A huge botnet consisting of at least 500,000 compromised routers and network-attached storage (NAS) devices has been detected by security researchers. The malware is known as VPNFilter and is largely targeting small office / home routers and network-attached storage (NAS) devices.
VPNFilter is malware that targets routers and NAS devices in order to steal files, information, and examine network traffic as it flows through the device. When the malware is installed, it will consist of three different stages, with each stage performing specific functions.
Different stages of VPNFilter malware
Stage 1 is installed first and allows the malware to stay persistent even when the router is rebooted.
Stage 2 allows the attackers execute commands and steal data. This stage also contains a self-destruct ability that essentially makes the router, and thus your network connection, non-functional.
Stage 3 consists of various plugins that can be installed into the malware that allow it to perform different functionality such as sniff the network, monitor communication, and to communicate over TOR (Tor is free software for enabling anonymous communication).
Routers that are known to be affected by VPNFilter
According to reports from Cisco, Symantec, and the Security Service of Ukraine, the affected routers are:
- Linksys E1200
- Linksys E2500
- LinkSys WRVS4400N
- Mikrotik RouterOS Versions for Cloud Core Routers: 1016, 1036, 1072
- Netgear DGN2200
- Netgear R6400
- Netgear R7000
- Netgear R8000
- Netgear WNR1000
- Netgear WNR2000
- QNAP TS251
- QNAP TS439 Pro
- Other QNAP NAS devices running QTS software;
- TP-Link R600VPN
While the above are the currently known routers that can be infected with VPNFilter, there is no guarantee that they are the only ones. Therefore, everyone should follow the below recommendations to harden and secure their routers regardless of the make and manufacturer.
If you own an affected device, what should you do?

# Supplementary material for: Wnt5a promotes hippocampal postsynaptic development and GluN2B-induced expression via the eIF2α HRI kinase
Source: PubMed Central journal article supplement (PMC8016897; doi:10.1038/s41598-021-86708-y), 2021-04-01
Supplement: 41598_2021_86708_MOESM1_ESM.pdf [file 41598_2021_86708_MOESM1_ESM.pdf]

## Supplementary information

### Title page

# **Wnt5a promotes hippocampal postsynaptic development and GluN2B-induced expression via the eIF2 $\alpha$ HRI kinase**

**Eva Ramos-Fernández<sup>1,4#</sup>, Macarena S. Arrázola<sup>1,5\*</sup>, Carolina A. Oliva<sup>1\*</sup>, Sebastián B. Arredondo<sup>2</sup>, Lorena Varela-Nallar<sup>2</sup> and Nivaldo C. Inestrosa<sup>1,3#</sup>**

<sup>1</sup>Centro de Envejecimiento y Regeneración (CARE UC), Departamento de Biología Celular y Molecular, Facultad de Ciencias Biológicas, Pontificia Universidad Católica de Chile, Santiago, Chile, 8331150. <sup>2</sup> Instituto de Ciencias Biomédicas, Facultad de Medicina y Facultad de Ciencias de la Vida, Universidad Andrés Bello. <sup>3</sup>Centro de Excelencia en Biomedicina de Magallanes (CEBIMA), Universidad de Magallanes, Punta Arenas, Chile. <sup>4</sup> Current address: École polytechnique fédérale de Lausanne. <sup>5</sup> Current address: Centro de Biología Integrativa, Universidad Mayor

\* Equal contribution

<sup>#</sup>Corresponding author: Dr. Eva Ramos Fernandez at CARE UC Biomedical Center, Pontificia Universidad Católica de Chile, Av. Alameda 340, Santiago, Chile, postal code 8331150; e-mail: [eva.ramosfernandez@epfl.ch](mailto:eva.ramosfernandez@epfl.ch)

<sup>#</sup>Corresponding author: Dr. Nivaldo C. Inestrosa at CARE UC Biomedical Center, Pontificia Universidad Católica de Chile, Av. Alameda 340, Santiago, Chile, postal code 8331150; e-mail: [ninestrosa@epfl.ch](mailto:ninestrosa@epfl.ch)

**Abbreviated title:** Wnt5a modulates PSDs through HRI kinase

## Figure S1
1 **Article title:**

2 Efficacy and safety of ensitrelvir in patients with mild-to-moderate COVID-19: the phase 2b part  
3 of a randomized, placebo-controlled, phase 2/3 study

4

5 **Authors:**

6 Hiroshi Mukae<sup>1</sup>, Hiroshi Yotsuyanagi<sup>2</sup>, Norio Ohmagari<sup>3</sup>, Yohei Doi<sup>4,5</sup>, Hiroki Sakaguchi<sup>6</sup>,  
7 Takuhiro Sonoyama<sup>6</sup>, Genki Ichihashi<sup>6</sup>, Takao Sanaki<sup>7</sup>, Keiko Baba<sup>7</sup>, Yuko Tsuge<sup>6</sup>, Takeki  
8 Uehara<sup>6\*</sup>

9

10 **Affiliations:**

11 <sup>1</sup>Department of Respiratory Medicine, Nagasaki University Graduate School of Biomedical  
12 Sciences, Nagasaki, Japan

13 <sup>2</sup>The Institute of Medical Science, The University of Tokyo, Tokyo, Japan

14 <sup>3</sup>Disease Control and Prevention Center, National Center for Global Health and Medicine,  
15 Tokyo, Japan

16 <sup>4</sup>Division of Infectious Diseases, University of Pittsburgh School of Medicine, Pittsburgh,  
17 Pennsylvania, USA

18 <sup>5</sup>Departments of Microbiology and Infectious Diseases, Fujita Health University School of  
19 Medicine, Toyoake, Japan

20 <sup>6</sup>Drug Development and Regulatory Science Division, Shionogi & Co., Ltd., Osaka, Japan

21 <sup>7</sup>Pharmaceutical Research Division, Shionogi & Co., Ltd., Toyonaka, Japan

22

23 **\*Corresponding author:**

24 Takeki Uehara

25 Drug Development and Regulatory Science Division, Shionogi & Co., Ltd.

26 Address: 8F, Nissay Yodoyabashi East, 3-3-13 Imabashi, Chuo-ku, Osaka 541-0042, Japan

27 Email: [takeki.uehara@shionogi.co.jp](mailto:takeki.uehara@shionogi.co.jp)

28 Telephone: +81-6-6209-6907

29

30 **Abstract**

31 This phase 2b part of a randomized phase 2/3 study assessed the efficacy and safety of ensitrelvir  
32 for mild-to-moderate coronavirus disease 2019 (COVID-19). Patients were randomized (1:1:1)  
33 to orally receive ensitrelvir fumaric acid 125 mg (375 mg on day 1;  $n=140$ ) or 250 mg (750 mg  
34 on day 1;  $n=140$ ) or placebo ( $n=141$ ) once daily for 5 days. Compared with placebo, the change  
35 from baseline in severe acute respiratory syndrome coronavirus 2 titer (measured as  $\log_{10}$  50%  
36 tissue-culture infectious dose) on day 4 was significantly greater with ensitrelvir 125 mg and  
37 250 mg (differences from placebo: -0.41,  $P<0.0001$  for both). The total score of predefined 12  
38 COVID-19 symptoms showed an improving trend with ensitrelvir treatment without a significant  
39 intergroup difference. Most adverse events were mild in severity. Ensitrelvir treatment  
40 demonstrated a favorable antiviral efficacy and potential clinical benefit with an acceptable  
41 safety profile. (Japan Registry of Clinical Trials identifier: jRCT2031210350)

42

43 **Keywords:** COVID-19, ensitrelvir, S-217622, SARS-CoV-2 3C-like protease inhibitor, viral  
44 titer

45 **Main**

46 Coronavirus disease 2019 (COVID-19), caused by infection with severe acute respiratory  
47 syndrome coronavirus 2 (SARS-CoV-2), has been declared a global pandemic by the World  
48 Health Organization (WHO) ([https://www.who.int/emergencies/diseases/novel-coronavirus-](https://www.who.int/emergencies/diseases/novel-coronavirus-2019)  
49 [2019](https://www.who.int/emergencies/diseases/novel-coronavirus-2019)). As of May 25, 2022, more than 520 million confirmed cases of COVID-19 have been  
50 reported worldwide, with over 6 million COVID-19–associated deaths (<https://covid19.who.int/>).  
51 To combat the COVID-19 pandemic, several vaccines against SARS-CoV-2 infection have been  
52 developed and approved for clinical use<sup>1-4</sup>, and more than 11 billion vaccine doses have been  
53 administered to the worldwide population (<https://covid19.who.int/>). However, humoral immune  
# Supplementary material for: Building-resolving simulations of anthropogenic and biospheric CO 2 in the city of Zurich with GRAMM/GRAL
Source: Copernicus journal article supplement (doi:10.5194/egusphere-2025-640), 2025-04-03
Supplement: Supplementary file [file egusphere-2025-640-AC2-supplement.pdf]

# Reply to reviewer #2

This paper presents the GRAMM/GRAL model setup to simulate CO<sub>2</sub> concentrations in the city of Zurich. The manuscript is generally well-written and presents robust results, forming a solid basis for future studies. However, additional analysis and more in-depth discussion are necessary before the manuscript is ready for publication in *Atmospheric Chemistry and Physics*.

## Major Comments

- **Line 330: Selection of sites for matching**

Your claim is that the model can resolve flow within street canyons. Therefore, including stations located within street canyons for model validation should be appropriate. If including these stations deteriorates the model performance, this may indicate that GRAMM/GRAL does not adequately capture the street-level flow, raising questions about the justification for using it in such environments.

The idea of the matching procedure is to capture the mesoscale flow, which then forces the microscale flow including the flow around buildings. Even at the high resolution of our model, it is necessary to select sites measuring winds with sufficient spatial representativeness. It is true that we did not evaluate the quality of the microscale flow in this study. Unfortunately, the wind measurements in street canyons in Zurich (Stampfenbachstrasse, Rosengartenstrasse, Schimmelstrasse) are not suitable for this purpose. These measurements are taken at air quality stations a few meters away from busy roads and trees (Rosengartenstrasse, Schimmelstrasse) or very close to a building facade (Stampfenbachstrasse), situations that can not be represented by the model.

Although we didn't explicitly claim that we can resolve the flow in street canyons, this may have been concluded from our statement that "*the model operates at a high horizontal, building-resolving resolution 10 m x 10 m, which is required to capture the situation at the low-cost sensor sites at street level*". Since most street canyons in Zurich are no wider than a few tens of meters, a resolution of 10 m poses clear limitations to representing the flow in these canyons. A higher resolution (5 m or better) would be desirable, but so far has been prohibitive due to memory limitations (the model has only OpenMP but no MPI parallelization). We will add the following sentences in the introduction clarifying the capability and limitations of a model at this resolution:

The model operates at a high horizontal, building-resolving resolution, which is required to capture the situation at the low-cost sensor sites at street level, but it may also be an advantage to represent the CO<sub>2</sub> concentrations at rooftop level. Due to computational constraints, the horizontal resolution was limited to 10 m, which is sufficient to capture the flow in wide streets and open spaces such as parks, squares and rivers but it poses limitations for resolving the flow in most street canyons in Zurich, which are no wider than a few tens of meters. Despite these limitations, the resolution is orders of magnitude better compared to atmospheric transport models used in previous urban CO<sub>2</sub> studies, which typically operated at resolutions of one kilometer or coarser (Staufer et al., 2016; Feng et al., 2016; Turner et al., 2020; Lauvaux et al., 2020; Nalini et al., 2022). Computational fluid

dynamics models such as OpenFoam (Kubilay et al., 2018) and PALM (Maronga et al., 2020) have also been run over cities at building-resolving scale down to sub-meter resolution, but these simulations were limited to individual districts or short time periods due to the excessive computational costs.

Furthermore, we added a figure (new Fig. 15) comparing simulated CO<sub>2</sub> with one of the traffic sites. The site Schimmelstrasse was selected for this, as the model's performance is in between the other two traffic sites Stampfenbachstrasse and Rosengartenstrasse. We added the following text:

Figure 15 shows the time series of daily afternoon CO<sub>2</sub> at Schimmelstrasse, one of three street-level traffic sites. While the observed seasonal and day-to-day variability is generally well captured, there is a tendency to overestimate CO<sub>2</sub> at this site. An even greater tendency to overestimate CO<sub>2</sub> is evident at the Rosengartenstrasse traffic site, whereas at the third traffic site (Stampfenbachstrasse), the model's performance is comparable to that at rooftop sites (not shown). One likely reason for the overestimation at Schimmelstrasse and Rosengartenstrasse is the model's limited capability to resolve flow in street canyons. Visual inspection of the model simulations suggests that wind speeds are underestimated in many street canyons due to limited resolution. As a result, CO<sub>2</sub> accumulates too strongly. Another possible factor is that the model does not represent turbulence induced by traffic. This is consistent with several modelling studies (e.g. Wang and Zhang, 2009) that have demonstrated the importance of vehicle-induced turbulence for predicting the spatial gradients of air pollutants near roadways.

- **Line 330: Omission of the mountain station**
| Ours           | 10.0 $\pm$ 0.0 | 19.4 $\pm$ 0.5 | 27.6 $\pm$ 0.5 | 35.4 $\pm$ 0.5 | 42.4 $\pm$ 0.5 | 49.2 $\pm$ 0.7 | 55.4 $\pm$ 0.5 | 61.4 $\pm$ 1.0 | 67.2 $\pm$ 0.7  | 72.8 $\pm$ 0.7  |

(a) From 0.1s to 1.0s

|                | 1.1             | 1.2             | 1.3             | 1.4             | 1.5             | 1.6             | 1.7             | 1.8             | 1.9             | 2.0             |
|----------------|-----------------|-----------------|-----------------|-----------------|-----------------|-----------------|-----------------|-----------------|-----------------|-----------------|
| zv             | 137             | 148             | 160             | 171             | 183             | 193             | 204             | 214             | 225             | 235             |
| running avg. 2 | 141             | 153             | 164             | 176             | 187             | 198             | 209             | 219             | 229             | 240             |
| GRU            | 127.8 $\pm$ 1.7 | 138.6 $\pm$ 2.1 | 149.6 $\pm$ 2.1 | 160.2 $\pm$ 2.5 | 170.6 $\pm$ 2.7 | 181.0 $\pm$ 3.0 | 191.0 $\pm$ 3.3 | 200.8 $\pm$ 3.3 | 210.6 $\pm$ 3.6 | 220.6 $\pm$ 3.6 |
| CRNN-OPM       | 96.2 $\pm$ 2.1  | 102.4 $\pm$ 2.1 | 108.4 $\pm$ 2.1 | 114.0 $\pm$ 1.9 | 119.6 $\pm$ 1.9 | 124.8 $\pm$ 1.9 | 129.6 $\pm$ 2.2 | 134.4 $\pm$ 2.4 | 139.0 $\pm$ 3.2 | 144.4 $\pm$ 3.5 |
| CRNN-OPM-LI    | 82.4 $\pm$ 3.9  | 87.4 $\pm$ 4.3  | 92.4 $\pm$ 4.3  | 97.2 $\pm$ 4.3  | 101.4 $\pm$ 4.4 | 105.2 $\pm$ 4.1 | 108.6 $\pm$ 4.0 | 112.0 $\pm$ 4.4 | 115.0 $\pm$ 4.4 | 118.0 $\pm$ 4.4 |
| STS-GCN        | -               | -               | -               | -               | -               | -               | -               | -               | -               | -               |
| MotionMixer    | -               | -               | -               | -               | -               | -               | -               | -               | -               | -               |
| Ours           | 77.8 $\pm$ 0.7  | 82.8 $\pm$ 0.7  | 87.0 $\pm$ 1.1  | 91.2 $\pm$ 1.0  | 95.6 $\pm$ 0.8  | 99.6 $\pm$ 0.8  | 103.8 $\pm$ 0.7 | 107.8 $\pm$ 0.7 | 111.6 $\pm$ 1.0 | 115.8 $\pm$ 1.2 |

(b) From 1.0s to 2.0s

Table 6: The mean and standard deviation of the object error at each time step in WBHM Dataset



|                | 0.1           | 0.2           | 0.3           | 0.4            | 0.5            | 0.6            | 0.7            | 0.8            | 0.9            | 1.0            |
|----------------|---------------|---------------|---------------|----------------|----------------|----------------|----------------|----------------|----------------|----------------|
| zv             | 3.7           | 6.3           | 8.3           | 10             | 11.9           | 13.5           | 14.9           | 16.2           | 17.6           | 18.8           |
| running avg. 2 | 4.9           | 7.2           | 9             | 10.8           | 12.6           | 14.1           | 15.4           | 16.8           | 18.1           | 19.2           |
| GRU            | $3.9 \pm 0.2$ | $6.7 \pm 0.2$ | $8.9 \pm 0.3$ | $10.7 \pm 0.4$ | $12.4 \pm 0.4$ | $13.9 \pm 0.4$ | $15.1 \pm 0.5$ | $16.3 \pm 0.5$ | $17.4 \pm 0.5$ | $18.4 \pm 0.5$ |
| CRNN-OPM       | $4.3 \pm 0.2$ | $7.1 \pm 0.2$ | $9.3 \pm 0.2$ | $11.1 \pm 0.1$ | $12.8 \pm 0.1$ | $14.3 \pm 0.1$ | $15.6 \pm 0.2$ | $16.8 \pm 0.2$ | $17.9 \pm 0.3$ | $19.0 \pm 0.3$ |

1. Users of affected devices are advised to reboot them immediately. If the device is infected with VPNFilter, rebooting will remove Stage 2 and any Stage 3 elements present on the device. This will (temporarily at least) remove the destructive component of VPNFilter. However, if infected, the continuing presence of Stage 1 means that Stages 2 and 3 can be reinstalled by the attackers.
2. You should also return the router or NAS device to its factory settings. This is typically done by pressing and holding a reset switching while turning the device on and off again. Before you begin, search for and save any instructions and user/internet credentials that you may need to get the router connected again so you have them on hand.
3. You should also check with the manufacturer’s website for the latest firmware update.
4. Change your password and make sure you’re not using an easy-to-crack or factory default password.
5. Ensure that remote management is turned off on your router and NAS device.
Should you reset your router even if its not one of the listed ones?
This is a tough one. On one hand, its always better to be safe than sorry. On the other, for some it can be very difficult to configure a router from scratch.
With that said, We do suggest that you follow these steps above as it’s only beneficial to having your router running the latest firmware and the other steps only further protect your device.